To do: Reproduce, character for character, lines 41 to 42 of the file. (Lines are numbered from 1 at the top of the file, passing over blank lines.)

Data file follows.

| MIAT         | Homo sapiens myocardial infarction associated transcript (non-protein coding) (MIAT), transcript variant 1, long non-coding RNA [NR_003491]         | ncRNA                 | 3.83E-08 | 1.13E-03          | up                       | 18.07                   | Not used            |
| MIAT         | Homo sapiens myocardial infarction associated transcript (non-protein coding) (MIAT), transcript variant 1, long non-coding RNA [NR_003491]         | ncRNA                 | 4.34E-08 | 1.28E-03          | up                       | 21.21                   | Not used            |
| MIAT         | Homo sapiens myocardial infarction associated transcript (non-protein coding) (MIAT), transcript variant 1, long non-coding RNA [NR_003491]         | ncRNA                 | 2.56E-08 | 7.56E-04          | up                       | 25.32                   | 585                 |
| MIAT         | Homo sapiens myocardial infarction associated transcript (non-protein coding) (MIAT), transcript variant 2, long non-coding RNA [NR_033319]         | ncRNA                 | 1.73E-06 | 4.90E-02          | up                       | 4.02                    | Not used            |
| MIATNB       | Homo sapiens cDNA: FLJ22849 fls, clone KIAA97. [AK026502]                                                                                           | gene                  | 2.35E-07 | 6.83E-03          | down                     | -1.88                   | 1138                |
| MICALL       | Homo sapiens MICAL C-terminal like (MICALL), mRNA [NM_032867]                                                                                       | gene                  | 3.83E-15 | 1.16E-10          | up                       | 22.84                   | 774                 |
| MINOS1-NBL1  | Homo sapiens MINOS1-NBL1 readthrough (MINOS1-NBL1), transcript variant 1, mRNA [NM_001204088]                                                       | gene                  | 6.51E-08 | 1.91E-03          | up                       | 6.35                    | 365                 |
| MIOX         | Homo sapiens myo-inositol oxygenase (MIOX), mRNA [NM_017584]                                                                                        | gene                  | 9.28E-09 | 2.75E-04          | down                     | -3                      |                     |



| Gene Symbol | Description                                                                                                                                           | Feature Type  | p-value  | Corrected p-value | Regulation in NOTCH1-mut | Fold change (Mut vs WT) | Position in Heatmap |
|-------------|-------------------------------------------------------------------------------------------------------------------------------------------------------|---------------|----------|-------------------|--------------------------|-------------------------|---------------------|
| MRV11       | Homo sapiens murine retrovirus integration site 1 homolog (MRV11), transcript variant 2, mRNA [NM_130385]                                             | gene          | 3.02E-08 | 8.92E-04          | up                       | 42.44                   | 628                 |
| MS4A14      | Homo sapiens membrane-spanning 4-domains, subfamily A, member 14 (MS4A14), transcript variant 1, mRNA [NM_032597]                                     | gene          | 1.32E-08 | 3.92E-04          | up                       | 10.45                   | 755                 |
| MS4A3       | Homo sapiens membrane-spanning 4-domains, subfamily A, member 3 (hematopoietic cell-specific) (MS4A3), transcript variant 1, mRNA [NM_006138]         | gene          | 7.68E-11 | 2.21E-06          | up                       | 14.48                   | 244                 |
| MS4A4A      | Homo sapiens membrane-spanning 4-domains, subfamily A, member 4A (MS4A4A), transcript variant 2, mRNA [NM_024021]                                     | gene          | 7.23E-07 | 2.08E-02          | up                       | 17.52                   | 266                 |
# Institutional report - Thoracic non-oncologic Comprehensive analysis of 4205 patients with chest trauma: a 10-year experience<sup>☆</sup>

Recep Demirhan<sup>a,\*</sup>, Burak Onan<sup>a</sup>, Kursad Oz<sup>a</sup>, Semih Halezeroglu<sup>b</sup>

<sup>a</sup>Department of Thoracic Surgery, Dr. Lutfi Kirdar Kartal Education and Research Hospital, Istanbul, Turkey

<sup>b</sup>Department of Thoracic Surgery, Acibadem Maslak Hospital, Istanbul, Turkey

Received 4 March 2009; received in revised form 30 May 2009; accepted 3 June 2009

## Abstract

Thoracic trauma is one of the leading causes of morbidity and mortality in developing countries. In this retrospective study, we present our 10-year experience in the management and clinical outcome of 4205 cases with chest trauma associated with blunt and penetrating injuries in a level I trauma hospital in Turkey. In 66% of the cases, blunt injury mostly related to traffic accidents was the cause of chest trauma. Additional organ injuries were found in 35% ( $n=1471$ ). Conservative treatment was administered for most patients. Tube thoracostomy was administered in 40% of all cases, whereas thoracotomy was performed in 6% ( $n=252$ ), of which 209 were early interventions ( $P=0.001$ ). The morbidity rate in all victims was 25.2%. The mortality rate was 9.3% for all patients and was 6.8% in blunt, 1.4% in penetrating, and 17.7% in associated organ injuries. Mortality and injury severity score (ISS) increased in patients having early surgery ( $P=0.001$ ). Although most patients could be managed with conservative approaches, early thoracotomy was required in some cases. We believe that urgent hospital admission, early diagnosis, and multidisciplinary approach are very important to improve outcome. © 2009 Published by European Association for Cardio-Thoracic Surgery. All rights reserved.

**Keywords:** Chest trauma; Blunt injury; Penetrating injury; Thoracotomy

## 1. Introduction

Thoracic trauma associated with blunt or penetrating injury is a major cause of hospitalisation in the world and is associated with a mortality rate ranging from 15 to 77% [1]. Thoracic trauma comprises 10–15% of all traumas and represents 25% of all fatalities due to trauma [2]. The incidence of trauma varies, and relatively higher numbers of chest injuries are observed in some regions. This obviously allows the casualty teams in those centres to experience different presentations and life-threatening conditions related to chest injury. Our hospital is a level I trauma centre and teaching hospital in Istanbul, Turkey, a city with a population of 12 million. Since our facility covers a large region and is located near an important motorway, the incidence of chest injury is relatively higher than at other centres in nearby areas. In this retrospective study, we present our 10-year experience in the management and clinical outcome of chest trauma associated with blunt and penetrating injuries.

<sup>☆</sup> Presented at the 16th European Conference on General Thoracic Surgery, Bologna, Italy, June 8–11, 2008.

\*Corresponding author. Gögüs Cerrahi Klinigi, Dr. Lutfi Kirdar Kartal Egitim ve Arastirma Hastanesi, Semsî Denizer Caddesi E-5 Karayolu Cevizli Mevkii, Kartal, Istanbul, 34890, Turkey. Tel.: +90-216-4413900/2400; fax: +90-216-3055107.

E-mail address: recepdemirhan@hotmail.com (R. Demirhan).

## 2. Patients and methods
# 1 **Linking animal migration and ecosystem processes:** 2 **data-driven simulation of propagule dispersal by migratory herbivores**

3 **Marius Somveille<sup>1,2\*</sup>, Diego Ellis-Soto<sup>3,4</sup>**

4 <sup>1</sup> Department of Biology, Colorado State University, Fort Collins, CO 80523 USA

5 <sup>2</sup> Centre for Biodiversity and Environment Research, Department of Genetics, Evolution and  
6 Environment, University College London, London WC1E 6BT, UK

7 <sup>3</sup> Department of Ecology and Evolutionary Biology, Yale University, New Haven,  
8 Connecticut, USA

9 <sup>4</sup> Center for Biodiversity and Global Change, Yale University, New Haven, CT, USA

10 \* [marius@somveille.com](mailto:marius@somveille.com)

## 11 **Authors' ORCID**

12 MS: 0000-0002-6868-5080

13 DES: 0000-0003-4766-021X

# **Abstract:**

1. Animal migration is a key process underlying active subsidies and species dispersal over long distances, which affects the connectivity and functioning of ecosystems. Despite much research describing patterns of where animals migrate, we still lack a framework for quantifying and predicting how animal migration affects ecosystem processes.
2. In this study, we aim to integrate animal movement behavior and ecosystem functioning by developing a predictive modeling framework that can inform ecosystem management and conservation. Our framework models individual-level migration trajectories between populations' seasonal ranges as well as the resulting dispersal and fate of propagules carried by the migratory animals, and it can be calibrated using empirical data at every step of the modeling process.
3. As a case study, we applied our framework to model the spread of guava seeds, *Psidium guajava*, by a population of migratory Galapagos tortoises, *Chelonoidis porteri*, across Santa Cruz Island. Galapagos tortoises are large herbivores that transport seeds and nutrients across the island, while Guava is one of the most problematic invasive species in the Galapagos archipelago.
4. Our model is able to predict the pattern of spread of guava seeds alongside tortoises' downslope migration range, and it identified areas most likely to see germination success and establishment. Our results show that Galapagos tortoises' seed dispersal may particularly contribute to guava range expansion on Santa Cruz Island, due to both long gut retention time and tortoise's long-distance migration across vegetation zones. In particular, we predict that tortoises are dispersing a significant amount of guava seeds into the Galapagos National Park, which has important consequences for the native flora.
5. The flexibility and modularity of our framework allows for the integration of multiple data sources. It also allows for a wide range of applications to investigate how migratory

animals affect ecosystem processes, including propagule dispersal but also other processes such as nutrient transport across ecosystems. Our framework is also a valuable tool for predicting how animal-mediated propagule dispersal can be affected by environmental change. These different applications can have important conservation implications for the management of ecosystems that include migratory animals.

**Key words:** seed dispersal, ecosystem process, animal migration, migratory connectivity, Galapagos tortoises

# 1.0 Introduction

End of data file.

# **Abstract:**

1. Animal migration is a key process underlying active subsidies and species dispersal over long distances, which affects the connectivity and functioning of ecosystems. Despite much research describing patterns of where animals migrate, we still lack a framework for quantifying and predicting how animal migration affects ecosystem processes.